In the batch processes described in the aforesaid references, mixing requires stirring for a significant period of time, during which the melted sugar is exposed to temperatures in the range of 300° to 325° F. Such exposure can lead to both the production of invert sugar by hydrolysis of sucrose and to browning of the sugar composition due to thermal degradation thereof. Inasmuch as the gas component is simply introduced into the headspace of an autoclave filled with an amount of melted sugar that is determined primarily by payload and agitation considerations, there is no positive control over the relative proportions of gas and liquid and, consequently, no positive control over the gas content of the gasified sugar product. Additionally, the productivity of the batch process is limited by the significant mixing time requirement as well as by the autoclave charging and discharging operations which are necessary parts of the batch cycle but constitute dead time so far as the gasification operation is concerned. Moreover, the processes heretofore known to the art have not been adapted for the incorporation of voltatile or thermally sensitive additives such as, for example, certain natural flavors and colors. There is thus a need in the art for an improved process for producing gasified solid sugar products, and particularly for an improved process which is adapted to overcome the various limitations which are experienced with the batch processes described in the aforesaid references.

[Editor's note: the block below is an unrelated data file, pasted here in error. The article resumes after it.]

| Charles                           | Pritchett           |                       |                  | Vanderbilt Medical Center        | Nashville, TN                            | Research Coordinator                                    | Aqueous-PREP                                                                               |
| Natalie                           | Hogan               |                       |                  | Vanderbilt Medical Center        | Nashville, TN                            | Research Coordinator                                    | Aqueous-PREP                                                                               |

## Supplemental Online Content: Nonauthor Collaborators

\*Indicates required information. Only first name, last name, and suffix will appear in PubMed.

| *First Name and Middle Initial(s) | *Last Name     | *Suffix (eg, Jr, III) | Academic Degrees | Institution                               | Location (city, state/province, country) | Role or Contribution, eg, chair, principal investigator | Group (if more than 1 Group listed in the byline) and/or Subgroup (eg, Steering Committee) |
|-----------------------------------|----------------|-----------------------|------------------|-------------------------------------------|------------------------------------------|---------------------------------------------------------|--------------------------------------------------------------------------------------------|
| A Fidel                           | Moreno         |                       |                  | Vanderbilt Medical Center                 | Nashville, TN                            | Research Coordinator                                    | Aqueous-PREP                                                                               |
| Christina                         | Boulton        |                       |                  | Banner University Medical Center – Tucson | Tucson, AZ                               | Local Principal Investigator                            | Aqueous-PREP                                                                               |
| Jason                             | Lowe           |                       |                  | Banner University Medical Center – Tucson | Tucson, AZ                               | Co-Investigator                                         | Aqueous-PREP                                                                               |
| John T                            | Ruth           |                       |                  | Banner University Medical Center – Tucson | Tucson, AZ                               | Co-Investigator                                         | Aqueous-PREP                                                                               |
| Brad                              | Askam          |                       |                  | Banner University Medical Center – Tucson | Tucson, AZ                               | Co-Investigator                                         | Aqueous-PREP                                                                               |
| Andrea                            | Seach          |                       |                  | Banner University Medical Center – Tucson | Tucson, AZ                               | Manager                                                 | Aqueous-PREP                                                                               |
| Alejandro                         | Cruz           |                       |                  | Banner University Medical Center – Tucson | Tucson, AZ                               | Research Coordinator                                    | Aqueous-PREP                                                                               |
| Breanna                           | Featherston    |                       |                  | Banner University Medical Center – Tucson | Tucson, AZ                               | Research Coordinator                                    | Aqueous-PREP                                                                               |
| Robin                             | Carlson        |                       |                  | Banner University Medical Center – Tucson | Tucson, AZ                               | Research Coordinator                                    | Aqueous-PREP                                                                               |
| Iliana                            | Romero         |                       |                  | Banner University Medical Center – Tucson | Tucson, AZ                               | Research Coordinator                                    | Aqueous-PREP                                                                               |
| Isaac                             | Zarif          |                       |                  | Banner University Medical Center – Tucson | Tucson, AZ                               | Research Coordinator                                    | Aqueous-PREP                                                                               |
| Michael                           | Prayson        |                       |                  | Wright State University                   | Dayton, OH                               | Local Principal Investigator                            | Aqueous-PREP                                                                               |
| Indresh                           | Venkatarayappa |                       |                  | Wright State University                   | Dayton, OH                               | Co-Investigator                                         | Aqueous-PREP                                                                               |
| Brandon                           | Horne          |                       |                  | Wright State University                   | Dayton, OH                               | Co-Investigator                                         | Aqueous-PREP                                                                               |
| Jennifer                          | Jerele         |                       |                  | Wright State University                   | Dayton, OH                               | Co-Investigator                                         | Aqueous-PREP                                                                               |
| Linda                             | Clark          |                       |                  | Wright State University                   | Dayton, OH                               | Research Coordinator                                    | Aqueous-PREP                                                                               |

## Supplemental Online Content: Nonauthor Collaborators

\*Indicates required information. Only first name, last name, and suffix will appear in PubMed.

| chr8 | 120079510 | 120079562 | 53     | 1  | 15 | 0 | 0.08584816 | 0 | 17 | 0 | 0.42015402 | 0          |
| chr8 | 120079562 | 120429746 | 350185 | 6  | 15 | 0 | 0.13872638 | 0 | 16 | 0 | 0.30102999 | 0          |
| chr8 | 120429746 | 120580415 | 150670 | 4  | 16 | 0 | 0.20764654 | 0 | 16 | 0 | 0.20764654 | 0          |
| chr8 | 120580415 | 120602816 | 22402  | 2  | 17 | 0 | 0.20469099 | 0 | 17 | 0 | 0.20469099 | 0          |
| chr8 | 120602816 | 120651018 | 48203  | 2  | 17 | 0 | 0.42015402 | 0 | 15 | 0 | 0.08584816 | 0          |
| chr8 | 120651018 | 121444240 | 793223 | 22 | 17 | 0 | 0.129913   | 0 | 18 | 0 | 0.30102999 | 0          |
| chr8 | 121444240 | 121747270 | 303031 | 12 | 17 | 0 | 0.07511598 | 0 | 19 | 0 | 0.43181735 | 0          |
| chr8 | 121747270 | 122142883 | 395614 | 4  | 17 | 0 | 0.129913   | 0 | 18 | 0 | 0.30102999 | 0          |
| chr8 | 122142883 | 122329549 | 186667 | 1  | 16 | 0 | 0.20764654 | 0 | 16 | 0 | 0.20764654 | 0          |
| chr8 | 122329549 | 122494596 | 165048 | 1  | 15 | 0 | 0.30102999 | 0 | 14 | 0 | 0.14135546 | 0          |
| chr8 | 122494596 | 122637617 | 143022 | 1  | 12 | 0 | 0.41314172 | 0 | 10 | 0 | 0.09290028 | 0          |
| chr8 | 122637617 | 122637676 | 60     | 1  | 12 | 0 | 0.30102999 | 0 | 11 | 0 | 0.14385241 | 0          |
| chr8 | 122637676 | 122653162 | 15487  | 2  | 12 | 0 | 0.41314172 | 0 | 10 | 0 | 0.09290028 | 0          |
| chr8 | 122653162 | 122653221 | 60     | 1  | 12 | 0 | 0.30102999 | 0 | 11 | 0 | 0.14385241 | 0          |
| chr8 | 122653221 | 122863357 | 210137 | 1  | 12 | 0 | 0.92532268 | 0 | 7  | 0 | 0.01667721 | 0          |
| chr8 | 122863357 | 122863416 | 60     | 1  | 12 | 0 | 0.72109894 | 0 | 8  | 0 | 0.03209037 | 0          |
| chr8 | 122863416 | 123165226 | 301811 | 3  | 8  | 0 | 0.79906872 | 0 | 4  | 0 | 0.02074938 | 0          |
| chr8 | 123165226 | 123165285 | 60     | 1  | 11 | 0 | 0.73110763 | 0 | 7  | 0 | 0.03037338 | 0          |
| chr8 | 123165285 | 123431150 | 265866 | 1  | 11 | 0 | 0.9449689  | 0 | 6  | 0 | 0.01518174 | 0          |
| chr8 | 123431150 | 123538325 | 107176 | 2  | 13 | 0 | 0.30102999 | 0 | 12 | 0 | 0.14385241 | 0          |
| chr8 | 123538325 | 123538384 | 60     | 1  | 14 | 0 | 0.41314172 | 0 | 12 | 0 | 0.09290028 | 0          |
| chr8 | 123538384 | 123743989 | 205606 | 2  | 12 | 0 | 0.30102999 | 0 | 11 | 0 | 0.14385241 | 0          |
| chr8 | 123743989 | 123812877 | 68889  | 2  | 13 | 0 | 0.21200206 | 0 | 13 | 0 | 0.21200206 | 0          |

Among the several objects of the present invention, therefore, may be noted the provision of an improved process and apparatus for producing a gasified solid fusible sugar product; the provision of such a process and apparatus capable of producing a high quality gasified fusible sugar product; the provision of such process and apparatus capable of producing a gasified sugar product with minimal thermal degradation or sugar inversion; the provision of such process and apparatus which are adapted for consistent and reliable production of a gasified solid fusible sugar product; the provision of such process and apparatus which can be operated to provide accurate proportioning of gas and molten sugar to control effectively the gas content of the solid gasified product; the provision of such process and apparatus which can be operated in a controlled manner to vary the gas bubble size in and the organoleptic character of the gasified solid sugar product; the provision of such apparatus and process which can be operated to produce a gasified solid sugar product at high productivity; the provision of such apparatus and process which can be utilized to produce a gasified solid sugar product containing volatile or thermally sensitive additives; and the provision of such a process which is operated continuously and such apparatus which is adapted for continuous operation.